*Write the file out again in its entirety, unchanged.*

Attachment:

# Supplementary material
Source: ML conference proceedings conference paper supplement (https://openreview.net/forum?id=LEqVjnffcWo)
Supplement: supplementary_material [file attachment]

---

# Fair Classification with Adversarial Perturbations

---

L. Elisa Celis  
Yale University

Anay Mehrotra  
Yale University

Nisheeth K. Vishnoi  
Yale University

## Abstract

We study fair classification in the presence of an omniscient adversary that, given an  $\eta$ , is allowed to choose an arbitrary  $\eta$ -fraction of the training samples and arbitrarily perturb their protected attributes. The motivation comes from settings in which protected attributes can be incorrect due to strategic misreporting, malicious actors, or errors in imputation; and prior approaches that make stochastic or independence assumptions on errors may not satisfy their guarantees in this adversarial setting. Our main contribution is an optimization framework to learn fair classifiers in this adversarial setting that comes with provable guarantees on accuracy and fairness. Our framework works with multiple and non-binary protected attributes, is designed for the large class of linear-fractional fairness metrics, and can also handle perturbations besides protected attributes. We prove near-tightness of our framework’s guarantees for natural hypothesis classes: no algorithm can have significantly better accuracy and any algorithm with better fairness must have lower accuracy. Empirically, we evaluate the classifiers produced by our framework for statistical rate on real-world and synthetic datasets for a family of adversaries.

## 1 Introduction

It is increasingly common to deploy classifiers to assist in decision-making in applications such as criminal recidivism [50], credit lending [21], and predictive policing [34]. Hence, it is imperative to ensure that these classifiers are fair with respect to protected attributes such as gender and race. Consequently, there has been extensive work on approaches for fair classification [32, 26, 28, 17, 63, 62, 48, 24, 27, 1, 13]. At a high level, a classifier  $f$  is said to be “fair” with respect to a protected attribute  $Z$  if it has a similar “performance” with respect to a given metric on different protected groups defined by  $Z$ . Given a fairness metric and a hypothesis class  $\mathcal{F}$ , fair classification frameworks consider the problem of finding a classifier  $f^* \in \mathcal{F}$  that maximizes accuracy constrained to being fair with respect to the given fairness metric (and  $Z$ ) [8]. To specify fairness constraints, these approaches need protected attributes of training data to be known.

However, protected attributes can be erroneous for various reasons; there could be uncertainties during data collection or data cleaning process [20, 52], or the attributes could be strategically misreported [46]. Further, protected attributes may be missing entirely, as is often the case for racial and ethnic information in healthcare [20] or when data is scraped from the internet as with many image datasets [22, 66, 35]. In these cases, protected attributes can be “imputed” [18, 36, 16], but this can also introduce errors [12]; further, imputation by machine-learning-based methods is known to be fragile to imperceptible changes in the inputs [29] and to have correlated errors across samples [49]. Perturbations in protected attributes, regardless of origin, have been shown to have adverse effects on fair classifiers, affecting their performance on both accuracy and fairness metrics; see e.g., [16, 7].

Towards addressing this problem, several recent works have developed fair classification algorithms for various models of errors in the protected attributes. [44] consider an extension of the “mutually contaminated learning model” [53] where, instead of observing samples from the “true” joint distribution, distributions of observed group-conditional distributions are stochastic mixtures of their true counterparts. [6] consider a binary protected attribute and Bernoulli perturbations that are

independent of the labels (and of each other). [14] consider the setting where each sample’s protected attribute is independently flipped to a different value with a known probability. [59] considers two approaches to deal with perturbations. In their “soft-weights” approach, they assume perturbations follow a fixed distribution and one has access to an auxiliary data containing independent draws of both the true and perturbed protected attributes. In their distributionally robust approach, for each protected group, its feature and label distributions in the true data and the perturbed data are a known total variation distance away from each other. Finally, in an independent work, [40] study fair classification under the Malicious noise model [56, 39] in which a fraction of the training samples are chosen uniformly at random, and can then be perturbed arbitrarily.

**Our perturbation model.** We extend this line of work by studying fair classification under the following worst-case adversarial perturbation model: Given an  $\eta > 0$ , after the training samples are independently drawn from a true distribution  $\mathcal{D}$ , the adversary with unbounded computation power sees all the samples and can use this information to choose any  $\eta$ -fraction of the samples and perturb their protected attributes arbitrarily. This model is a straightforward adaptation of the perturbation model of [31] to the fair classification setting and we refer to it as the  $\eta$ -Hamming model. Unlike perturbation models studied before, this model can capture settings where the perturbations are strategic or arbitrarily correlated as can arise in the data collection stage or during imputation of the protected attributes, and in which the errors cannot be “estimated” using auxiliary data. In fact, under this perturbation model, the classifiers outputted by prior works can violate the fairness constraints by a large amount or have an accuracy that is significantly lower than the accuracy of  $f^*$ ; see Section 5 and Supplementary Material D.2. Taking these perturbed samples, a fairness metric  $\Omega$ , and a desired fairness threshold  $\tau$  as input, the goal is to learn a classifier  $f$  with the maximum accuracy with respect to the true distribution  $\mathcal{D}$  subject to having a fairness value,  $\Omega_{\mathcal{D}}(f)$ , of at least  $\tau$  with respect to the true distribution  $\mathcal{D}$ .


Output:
# Supplementary material
Source: ML conference proceedings conference paper supplement (https://openreview.net/forum?id=LEqVjnffcWo)
Supplement: supplementary_material [file attachment]

---

# Fair Classification with Adversarial Perturbations

---

L. Elisa Celis  
Yale University

Anay Mehrotra  
Yale University

Nisheeth K. Vishnoi  
Yale University

## Abstract

We study fair classification in the presence of an omniscient adversary that, given an  $\eta$ , is allowed to choose an arbitrary  $\eta$ -fraction of the training samples and arbitrarily perturb their protected attributes. The motivation comes from settings in which protected attributes can be incorrect due to strategic misreporting, malicious actors, or errors in imputation; and prior approaches that make stochastic or independence assumptions on errors may not satisfy their guarantees in this adversarial setting. Our main contribution is an optimization framework to learn fair classifiers in this adversarial setting that comes with provable guarantees on accuracy and fairness. Our framework works with multiple and non-binary protected attributes, is designed for the large class of linear-fractional fairness metrics, and can also handle perturbations besides protected attributes. We prove near-tightness of our framework’s guarantees for natural hypothesis classes: no algorithm can have significantly better accuracy and any algorithm with better fairness must have lower accuracy. Empirically, we evaluate the classifiers produced by our framework for statistical rate on real-world and synthetic datasets for a family of adversaries.

## 1 Introduction

It is increasingly common to deploy classifiers to assist in decision-making in applications such as criminal recidivism [50], credit lending [21], and predictive policing [34]. Hence, it is imperative to ensure that these classifiers are fair with respect to protected attributes such as gender and race. Consequently, there has been extensive work on approaches for fair classification [32, 26, 28, 17, 63, 62, 48, 24, 27, 1, 13]. At a high level, a classifier  $f$  is said to be “fair” with respect to a protected attribute  $Z$  if it has a similar “performance” with respect to a given metric on different protected groups defined by  $Z$ . Given a fairness metric and a hypothesis class  $\mathcal{F}$ , fair classification frameworks consider the problem of finding a classifier  $f^* \in \mathcal{F}$  that maximizes accuracy constrained to being fair with respect to the given fairness metric (and  $Z$ ) [8]. To specify fairness constraints, these approaches need protected attributes of training data to be known.

However, protected attributes can be erroneous for various reasons; there could be uncertainties during data collection or data cleaning process [20, 52], or the attributes could be strategically misreported [46]. Further, protected attributes may be missing entirely, as is often the case for racial and ethnic information in healthcare [20] or when data is scraped from the internet as with many image datasets [22, 66, 35]. In these cases, protected attributes can be “imputed” [18, 36, 16], but this can also introduce errors [12]; further, imputation by machine-learning-based methods is known to be fragile to imperceptible changes in the inputs [29] and to have correlated errors across samples [49]. Perturbations in protected attributes, regardless of origin, have been shown to have adverse effects on fair classifiers, affecting their performance on both accuracy and fairness metrics; see e.g., [16, 7].

Towards addressing this problem, several recent works have developed fair classification algorithms for various models of errors in the protected attributes. [44] consider an extension of the “mutually contaminated learning model” [53] where, instead of observing samples from the “true” joint distribution, distributions of observed group-conditional distributions are stochastic mixtures of their true counterparts. [6] consider a binary protected attribute and Bernoulli perturbations that are

independent of the labels (and of each other). [14] consider the setting where each sample’s protected attribute is independently flipped to a different value with a known probability. [59] considers two approaches to deal with perturbations. In their “soft-weights” approach, they assume perturbations follow a fixed distribution and one has access to an auxiliary data containing independent draws of both the true and perturbed protected attributes. In their distributionally robust approach, for each protected group, its feature and label distributions in the true data and the perturbed data are a known total variation distance away from each other. Finally, in an independent work, [40] study fair classification under the Malicious noise model [56, 39] in which a fraction of the training samples are chosen uniformly at random, and can then be perturbed arbitrarily.

**Our perturbation model.** We extend this line of work by studying fair classification under the following worst-case adversarial perturbation model: Given an  $\eta > 0$ , after the training samples are independently drawn from a true distribution  $\mathcal{D}$ , the adversary with unbounded computation power sees all the samples and can use this information to choose any  $\eta$ -fraction of the samples and perturb their protected attributes arbitrarily. This model is a straightforward adaptation of the perturbation model of [31] to the fair classification setting and we refer to it as the  $\eta$ -Hamming model. Unlike perturbation models studied before, this model can capture settings where the perturbations are strategic or arbitrarily correlated as can arise in the data collection stage or during imputation of the protected attributes, and in which the errors cannot be “estimated” using auxiliary data. In fact, under this perturbation model, the classifiers outputted by prior works can violate the fairness constraints by a large amount or have an accuracy that is significantly lower than the accuracy of  $f^*$ ; see Section 5 and Supplementary Material D.2. Taking these perturbed samples, a fairness metric  $\Omega$ , and a desired fairness threshold  $\tau$  as input, the goal is to learn a classifier  $f$  with the maximum accuracy with respect to the true distribution  $\mathcal{D}$  subject to having a fairness value,  $\Omega_{\mathcal{D}}(f)$ , of at least  $\tau$  with respect to the true distribution  $\mathcal{D}$ .